If you’re traveling in foreign countries, credit card transaction fees can add up quickly and dent even the most carefully planned vacation budget. So if you’re leaving the US, it’s time to take a second look (or a first good look!) at your credit cards’ fee structure. Credit card information resource CompareCards, a subsidiary of LendingTree, Inc., recently released a study highlighting the true cost of foreign transaction fees, tips for how to avoid them and other money traps to watch out for when traveling abroad.
The important takeaways…
Foreign transaction fees are high and common. The study found that nearly half of credit cards (75 of the 165 studied) charge foreign transaction fees. The average fee overall is 2.61% on every purchase, with banks averaging 2.97% and credit unions averaging 1.15%.
Some merchants offer you a chance to pay a different fee. This happens when you choose to pay the bill in US dollars rather than the foreign currency. For instance, if you buy a souvenir or a meal on vacation in Paris, the shop or restaurant might offer you the option of receiving the bill in dollars instead of euros to spare you the chore of doing conversion math. If you choose to pay in dollars, that’s called dynamic currency conversion, and you pay a premium for the privilege, perhaps the equivalent of a 3% foreign transaction fee, which you also may be paying.
Don’t trade one fee for another that costs you more. If you have a credit card that spares you foreign transaction fees, keep reading the fine print. Most of those cards charge annual fees that are much higher than the annual fees charged by cards with foreign transaction fees—an average of $86.76 versus $14.99, respectively. If you don’t travel much and/or don’t spend much when you travel, you might be better off with the foreign-transaction-fee card than with the high-annual-fee card. Example: The median total foreign transaction fee paid by travelers who spent $3,500 in Europe last year was $100, which is only $5 more than the $95 average annual fee charged by cards with no foreign transaction fees, and those annual fees are charged every year whether you travel or not.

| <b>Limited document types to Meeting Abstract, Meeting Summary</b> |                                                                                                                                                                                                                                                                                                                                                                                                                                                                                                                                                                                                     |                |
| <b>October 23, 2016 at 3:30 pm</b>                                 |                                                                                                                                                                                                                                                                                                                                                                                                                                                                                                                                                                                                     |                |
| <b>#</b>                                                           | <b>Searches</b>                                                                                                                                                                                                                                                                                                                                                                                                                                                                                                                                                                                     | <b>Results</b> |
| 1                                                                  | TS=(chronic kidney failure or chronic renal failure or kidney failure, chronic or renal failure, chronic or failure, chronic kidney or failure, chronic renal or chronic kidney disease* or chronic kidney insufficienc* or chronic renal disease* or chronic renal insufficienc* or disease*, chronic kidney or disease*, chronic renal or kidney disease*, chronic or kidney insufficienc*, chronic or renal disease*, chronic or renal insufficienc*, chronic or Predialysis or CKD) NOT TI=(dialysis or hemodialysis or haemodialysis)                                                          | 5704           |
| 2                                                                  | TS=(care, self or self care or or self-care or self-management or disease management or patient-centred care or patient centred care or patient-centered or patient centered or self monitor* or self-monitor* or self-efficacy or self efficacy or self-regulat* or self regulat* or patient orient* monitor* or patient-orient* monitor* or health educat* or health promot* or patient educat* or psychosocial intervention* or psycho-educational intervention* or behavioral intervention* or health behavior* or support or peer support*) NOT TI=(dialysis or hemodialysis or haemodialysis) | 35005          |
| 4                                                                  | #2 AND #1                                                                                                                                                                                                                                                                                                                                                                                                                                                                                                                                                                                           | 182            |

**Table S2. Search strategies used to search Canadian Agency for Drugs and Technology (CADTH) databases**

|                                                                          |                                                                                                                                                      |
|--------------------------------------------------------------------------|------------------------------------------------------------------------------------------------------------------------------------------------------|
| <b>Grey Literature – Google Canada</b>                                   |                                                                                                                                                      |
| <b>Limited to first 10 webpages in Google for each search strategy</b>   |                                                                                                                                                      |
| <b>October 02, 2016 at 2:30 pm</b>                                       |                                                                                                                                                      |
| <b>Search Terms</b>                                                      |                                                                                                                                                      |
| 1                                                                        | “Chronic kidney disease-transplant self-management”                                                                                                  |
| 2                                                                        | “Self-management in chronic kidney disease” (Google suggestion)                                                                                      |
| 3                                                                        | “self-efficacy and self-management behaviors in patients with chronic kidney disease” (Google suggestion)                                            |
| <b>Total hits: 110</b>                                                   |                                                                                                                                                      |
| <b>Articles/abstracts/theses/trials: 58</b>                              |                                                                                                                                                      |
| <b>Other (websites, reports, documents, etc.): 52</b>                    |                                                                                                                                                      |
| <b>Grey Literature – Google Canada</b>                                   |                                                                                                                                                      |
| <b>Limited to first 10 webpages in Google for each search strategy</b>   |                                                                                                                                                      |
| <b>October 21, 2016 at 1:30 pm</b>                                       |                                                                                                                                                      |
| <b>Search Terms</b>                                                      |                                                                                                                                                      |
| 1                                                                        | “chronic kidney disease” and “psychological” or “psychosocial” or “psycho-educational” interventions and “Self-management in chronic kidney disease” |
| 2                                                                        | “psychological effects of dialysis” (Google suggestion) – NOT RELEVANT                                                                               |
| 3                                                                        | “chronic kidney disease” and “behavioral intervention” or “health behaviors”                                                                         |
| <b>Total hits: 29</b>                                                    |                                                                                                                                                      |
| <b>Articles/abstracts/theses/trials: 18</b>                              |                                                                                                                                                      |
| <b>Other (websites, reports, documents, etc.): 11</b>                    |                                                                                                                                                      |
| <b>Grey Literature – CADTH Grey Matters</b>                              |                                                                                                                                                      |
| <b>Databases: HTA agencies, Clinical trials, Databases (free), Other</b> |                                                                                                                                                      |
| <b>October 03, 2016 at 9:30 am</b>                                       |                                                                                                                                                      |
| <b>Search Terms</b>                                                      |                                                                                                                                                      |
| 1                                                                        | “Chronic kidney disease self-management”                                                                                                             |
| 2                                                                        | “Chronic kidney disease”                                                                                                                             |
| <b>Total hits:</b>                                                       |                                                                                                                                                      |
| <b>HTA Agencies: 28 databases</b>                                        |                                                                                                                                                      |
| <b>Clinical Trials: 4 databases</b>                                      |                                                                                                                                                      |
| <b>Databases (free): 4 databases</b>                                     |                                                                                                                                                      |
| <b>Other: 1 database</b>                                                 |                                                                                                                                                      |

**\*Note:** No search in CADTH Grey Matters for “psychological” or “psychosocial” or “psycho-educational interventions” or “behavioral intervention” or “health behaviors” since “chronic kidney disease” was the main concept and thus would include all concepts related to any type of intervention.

Paying foreign transaction fees is not necessarily the costliest money move many travelers make. Foreign transaction fees actually may be preferable to some alternatives that many travelers use, which include high out-of-network ATM fees and a 5% fee often associated with the purchase of foreign currency at a US bank before travel. Currency conversion at international airports is even more expensive, according to the study—it easily can cost you 10% or more.
The best of all credit card options. The good news is, there are credit cards that are very attractive for foreign purchases. Many cards, including some of the best all-around cards (and in some cases cards with rewards miles), charge neither an annual fee nor a foreign transaction fee. These no-fee cards include Bank of America Travel Rewards, Capital One Quicksilver Cash Rewards, Discover it Cashback Match and Priceline Rewards Visa.